Imagine the scenario: it’s a Saturday morning, you’re flat on your back staring up grimly at the underside of your car chassis. Various components are scattered around as you wrestle to loosen with some rusted widget that’s all that stands between you and success. With an exasperated jerk on the widget, your trusty old ratchet wrench snaps, the head shearing clear away. Sighing in barely concealed frustration, you dust yourself off and head out to the hardware store for a replacement to finish the job and get on with your weekend.
Annoying but fixable, right?
Sure, if you are anywhere between Anytown, California and Hereville, Massachusetts, but not so much if you happen to be floating 155 miles above the surface of the Earth aboard the International Space Station (ISS).(1)
And yes, tools do break in space – remember Apollo 13?
Way back in June of this year, we published an article on additive manufacturing, also known as 3-D printing. At the date of publication, we thought we were pretty much ahead of the curve, reviewing the technology available and commenting on potential future developments.
Oh boy, were we wrong.
In July of this year, NASA published a short synopsis of their 3D Printing In Zero-G experiment, confirming that the additive process can indeed be done in space.(2) Led by Principal Investigator Quincy Bean of the Marshall Space Flight Center, Huntsville, AL, in association with Made In Space, an additive manufacturing technology company in California, the experiment was designed to see whether extruded materials such as plastic and metal would tolerate zero-gravity conditions.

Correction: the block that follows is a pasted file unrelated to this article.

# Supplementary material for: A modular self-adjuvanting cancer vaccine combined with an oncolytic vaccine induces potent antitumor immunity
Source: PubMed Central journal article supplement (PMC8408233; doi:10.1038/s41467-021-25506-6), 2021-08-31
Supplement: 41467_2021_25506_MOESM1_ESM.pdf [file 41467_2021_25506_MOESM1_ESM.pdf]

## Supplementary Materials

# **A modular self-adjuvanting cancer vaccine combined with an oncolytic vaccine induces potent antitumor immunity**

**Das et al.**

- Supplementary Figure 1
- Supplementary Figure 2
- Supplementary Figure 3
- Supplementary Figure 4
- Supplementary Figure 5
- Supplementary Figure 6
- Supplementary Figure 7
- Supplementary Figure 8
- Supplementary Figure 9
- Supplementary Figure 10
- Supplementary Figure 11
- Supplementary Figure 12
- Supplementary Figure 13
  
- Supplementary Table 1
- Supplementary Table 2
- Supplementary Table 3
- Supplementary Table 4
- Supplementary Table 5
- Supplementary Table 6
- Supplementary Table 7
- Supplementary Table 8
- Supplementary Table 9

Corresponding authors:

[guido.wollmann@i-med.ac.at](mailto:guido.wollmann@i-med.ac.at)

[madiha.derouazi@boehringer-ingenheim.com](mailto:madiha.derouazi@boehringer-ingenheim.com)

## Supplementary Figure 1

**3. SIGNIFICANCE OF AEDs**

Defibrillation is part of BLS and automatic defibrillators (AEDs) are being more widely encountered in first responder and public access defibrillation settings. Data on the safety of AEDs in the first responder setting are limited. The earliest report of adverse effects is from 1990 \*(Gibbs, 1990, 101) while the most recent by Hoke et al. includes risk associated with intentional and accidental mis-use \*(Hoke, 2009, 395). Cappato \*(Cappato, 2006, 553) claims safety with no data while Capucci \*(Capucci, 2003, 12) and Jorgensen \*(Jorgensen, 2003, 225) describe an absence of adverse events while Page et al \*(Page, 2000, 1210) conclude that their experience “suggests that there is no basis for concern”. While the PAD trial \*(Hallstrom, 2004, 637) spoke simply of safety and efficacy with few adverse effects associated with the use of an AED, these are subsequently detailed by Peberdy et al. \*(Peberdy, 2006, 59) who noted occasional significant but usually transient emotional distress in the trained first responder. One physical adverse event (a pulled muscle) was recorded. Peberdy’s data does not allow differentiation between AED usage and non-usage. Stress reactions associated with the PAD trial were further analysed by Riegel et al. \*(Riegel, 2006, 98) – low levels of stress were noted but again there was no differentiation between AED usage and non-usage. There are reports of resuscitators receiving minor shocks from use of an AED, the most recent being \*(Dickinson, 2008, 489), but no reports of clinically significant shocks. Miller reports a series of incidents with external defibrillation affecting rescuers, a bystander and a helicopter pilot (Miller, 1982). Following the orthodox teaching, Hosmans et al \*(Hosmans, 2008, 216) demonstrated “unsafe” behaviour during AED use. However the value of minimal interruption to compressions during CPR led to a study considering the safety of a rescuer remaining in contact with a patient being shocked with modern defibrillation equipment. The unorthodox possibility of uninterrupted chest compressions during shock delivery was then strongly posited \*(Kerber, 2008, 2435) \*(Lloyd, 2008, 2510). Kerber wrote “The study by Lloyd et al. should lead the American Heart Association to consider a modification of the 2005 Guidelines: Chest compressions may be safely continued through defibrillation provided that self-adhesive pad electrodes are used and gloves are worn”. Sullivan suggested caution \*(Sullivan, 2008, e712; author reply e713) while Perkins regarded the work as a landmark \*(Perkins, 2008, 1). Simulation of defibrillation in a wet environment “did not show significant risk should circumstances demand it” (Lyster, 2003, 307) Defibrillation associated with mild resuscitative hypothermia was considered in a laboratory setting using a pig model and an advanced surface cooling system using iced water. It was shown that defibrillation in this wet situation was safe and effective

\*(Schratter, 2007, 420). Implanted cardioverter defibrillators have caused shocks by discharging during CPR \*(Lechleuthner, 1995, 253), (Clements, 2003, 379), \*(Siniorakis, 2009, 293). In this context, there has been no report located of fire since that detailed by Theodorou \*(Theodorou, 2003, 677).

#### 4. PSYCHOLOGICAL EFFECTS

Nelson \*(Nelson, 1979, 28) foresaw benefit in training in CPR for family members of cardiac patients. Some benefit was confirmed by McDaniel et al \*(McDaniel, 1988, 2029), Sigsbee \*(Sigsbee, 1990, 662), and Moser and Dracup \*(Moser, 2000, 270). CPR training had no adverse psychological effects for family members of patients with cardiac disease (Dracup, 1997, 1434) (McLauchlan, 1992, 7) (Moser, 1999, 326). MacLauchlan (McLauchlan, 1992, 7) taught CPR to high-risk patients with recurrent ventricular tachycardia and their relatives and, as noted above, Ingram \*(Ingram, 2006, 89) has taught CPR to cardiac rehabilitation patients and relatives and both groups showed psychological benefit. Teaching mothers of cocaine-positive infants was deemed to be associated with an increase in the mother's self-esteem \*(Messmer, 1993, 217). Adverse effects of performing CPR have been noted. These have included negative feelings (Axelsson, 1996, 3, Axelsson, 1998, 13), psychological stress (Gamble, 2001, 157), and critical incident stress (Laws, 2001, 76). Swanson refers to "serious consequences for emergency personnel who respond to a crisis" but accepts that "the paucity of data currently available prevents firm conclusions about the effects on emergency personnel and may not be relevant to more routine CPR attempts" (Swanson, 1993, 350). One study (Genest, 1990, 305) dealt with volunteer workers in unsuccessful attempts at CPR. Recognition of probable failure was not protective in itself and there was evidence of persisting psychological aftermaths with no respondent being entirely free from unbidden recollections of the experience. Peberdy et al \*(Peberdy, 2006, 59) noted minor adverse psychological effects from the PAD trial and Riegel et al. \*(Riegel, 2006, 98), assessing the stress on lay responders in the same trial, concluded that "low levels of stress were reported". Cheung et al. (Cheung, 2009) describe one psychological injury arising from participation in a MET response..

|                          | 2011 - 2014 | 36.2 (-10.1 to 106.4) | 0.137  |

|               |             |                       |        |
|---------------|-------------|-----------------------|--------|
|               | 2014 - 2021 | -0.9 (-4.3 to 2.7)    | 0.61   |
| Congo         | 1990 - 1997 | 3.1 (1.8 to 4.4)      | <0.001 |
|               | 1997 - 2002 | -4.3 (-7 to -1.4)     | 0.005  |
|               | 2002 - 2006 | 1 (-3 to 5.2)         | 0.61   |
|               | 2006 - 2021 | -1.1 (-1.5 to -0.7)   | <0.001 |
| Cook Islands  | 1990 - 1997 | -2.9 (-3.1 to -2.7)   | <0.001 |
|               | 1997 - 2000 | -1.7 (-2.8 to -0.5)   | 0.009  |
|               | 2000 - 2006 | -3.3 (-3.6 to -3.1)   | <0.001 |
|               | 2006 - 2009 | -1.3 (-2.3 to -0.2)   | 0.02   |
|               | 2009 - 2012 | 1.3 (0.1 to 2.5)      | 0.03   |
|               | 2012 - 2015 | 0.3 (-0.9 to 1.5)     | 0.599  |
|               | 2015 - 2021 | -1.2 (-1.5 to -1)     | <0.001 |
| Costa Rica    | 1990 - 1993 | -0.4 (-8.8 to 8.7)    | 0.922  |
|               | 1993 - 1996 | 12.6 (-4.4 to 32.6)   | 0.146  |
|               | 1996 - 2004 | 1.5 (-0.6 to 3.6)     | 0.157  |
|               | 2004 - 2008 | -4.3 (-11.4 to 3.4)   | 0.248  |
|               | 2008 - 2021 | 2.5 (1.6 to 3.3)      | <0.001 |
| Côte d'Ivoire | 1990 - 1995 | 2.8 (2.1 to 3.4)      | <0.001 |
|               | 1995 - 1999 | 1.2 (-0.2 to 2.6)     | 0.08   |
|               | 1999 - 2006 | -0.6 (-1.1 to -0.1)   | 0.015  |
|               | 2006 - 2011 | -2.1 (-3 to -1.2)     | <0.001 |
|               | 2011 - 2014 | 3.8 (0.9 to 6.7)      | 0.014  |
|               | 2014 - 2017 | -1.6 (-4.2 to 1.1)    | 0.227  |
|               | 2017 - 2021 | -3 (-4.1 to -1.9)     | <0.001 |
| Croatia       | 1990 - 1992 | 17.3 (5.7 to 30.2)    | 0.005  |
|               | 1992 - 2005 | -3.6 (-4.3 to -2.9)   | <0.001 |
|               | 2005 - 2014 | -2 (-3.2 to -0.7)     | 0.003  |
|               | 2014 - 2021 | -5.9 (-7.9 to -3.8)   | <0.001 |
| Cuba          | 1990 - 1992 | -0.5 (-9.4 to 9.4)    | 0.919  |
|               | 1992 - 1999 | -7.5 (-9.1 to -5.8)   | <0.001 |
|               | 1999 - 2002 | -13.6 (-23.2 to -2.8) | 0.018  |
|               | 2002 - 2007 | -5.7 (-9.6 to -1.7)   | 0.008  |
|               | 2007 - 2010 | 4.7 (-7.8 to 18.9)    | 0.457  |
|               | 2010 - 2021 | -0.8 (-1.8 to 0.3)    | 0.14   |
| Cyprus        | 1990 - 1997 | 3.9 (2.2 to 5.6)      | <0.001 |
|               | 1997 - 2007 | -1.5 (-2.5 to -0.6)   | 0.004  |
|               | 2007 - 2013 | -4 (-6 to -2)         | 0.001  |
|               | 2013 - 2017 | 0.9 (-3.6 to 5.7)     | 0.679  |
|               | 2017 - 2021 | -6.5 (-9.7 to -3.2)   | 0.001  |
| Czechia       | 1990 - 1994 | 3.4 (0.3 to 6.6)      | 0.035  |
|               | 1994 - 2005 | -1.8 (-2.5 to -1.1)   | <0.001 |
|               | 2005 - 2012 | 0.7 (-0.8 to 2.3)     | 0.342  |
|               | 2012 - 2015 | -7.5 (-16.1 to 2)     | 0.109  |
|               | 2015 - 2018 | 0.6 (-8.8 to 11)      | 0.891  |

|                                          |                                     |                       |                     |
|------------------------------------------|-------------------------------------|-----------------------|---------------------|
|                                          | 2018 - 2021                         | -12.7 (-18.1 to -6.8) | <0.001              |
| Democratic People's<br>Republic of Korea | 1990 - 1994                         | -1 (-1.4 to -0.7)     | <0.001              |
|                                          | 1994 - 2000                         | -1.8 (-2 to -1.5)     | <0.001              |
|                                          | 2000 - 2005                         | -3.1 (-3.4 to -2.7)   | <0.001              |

And they did. Results of the experiment revealed that a major ingredient in 3D printing, acrylonitrile butadiene styrene (ABS) – a thermoplastic resin, behaves in microgravity in the same way as it does under full gravity. And with that confirmation came the first step towards creating a machine shop in space – according to NASA, a ‘critical enabling component of any Deep Space Mission.’
…zero gravity additive processing…
Exciting as this all sounds, you would be forgiven for wondering how it is connected to contamination control. One of the most important components in zero gravity additive processing is the Microgravity Science Glovebox (MSG) which is an enclosed work area, around 9 cubic feet in volume, that maintains a negative pressure and allows access via sealed glove ports. Similar to other gloveboxes commonly used in labs, pharmacies etc., the MSG was developed by the European Space Agency (ESA) and is managed by NASA’s Marshall Space Flight Center (MSFC). As a controlled environment, it allows astronauts to perform experiments – or additive manufacturing – without the potential for hazardous particulates or other contaminants escaping into the craft. And as long as the environment is physically close enough to Earth to be in communication, crewmembers on the ground may also get access via video and audio links.
So what are the implications of using this sort of miniature cleanroom for additive manufacturing in zero gravity? The most obvious benefit is the ability to create tools and spare parts literally ‘on the fly.’ Harnessing this technology means that space missions – especially those involving the ISS or those venturing into deep space – will no longer need to pack everything before leaving terra firma. With the average cost of launching a space shuttle topping $450 million, sending tools like a socket wrench or a screwdriver into orbit is a costly matter. But sending the same weight of raw materials in order to print tools on demand is a saner use of resources.(3) And NASA is one space agency that regards the cost savings, potential for designing longer-term missions, and the enhanced autonomy and flexibility of astronauts with an interested eye.